The company plans to start testing the feature this year, but notably, Twitter will be giving first access to some of the people who are most affected by abuse and harassment on the platform: women and people from marginalized backgrounds, the company says.
In one of these conversation spaces, you’ll be able to see who is a part of the room and who is talking at any given time. The person who makes the space will have moderation controls and can determine who can actually participate, too. Twitter says it will experiment with how these spaces are discovered on the platform, including ways to invite participants via direct messages or right from a public tweet.
Here’s the intro from this Voicebot article:
Voicebot’s biannual Smartphone Voice Assistant Consumer Adoption Report considered new questions in 2020 around consumer interest in and experience with voice interaction within mobile apps. A key finding is that consumers have strong interest in voice interactivity within mobile apps and more experience with these features than many people realize. Just over 45% of consumers said they would “very much” or that “it would be nice” to have voice assistant features within their favorite mobile apps. This figure compares to just 25% that said they were not interested.
I used to blog more about the challenges of building skills – and how to make it easier for skills to be discovered by folks once you launch them. Here’s a nice piece about skill discovery from voicebot.ai, along with this excerpt:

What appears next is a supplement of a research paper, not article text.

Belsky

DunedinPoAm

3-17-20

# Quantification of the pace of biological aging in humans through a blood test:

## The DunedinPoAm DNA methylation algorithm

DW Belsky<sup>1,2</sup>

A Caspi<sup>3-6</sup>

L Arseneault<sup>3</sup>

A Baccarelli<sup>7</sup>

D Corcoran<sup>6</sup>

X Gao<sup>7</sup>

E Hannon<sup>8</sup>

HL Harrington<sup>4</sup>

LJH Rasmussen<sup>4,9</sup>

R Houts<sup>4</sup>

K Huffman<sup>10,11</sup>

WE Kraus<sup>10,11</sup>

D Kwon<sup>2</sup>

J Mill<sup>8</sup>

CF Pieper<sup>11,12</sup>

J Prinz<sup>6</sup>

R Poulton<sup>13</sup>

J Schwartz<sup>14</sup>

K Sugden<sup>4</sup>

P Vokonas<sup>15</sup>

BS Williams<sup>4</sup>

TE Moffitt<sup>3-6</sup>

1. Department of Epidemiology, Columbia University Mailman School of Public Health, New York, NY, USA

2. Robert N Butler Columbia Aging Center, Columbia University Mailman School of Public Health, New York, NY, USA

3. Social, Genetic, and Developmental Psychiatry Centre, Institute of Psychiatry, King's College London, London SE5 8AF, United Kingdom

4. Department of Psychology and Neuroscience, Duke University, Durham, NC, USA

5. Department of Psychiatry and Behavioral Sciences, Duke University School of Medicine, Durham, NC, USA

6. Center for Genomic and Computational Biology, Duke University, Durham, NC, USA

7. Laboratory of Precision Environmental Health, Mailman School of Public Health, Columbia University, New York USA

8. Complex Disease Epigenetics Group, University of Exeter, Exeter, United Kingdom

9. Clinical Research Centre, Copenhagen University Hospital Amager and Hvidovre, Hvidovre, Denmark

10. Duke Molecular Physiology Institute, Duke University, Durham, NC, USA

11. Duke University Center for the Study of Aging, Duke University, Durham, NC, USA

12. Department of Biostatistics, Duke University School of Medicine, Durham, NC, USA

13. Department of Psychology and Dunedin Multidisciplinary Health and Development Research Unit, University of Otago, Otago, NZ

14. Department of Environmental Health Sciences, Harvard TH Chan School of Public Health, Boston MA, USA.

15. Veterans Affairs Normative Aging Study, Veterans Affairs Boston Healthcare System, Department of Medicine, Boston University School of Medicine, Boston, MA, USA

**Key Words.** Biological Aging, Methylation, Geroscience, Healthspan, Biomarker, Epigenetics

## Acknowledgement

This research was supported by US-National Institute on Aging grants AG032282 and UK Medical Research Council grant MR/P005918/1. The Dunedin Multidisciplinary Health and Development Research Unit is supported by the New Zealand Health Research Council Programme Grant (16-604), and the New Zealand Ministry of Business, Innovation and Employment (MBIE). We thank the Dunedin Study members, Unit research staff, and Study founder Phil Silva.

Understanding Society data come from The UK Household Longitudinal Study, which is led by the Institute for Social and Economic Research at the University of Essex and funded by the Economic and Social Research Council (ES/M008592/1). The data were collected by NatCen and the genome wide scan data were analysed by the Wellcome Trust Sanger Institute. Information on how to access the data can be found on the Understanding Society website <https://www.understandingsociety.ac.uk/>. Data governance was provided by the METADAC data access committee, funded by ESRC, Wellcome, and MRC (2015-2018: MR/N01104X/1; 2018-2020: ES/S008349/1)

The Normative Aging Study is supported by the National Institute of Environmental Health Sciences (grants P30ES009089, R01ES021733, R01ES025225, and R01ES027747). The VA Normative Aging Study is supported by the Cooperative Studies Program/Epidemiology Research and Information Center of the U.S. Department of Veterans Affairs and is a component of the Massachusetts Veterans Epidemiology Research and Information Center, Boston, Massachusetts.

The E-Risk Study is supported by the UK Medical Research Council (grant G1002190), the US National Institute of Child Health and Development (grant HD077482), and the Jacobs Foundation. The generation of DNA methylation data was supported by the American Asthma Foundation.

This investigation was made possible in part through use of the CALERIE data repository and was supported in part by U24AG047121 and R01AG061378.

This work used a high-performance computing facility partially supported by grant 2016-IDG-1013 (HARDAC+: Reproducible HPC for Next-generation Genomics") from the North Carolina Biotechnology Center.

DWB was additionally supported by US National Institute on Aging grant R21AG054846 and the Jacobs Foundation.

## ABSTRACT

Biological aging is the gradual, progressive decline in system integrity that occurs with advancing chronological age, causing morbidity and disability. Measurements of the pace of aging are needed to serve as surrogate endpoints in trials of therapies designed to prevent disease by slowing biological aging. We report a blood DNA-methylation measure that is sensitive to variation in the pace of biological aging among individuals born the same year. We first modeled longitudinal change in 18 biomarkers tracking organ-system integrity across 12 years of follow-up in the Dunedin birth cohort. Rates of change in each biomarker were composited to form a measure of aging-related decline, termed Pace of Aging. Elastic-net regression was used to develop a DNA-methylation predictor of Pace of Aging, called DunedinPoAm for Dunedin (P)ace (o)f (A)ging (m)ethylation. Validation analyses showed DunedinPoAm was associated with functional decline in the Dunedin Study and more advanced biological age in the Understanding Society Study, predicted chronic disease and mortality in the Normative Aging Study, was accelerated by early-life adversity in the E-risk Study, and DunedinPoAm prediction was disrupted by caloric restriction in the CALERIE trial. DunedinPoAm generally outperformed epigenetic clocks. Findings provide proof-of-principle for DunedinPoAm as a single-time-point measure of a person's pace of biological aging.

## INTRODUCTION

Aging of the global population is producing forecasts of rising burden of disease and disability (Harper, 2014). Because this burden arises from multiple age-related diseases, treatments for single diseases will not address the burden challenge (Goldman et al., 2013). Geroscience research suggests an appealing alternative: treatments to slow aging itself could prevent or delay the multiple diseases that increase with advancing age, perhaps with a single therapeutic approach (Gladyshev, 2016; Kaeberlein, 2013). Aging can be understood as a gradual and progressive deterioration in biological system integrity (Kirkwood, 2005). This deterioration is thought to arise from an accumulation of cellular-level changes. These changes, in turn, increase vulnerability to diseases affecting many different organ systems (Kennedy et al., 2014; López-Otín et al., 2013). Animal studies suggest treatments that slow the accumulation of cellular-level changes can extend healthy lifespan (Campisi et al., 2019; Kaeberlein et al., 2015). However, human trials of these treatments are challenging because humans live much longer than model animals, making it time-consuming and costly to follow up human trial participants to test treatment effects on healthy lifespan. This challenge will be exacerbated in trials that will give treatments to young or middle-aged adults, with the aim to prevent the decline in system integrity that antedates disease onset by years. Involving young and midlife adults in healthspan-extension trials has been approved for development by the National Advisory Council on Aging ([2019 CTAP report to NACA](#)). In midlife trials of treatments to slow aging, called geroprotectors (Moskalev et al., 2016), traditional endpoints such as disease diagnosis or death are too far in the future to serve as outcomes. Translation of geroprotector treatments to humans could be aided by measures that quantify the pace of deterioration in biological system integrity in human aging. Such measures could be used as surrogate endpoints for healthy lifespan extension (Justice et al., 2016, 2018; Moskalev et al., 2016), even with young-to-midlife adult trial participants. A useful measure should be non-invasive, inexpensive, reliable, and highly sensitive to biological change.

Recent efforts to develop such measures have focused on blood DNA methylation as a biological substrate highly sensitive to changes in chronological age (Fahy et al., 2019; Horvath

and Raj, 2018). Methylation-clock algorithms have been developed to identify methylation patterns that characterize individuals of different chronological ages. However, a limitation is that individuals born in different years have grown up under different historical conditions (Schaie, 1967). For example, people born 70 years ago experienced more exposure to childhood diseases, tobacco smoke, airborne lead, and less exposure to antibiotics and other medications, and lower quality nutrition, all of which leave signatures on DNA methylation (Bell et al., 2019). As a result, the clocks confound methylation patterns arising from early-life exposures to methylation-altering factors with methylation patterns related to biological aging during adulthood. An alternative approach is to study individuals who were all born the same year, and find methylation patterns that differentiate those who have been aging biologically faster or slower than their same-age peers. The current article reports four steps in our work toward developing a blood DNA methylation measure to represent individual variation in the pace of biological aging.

Zevenbergen’s good fortune to rise to the top of the search results for “What’s my horoscope?” would not be wasted. He had already built user retention elements into his Google Action. First, Zevenbergen wanted to fulfill the intent of the user very efficiently. He had a goal of giving the horoscope as quickly as possible. For new users that simply required determining their birthday. Not only was there a target of delivering the full horoscope within 10 seconds, the Action tells new users that they will receive their horoscope within 10 seconds. It sets expectations and removes a potential concern about how much the user may be committing to with this particular voice experience.
Second, he found that shorter, more concise horoscopes were leading to more completed sessions. There may be an opportunity to convey many paragraphs worth of horoscope goodness but that’s often the opposite of what people want when interacting on a smart speaker. They want the facts. Ensuring users heard the entire horoscope before abandoning the session also gave him a captive audience that was still around when the Action offered to add “What’s my zodiac sign” to a routine or notification. “What’s my zodiac sign” is now getting about 5,000 opened notifications from Google Assistant each day. If you compare that to the DAUs for the Action you will conclude that nearly 85% of daily user sessions are driven by this single technique.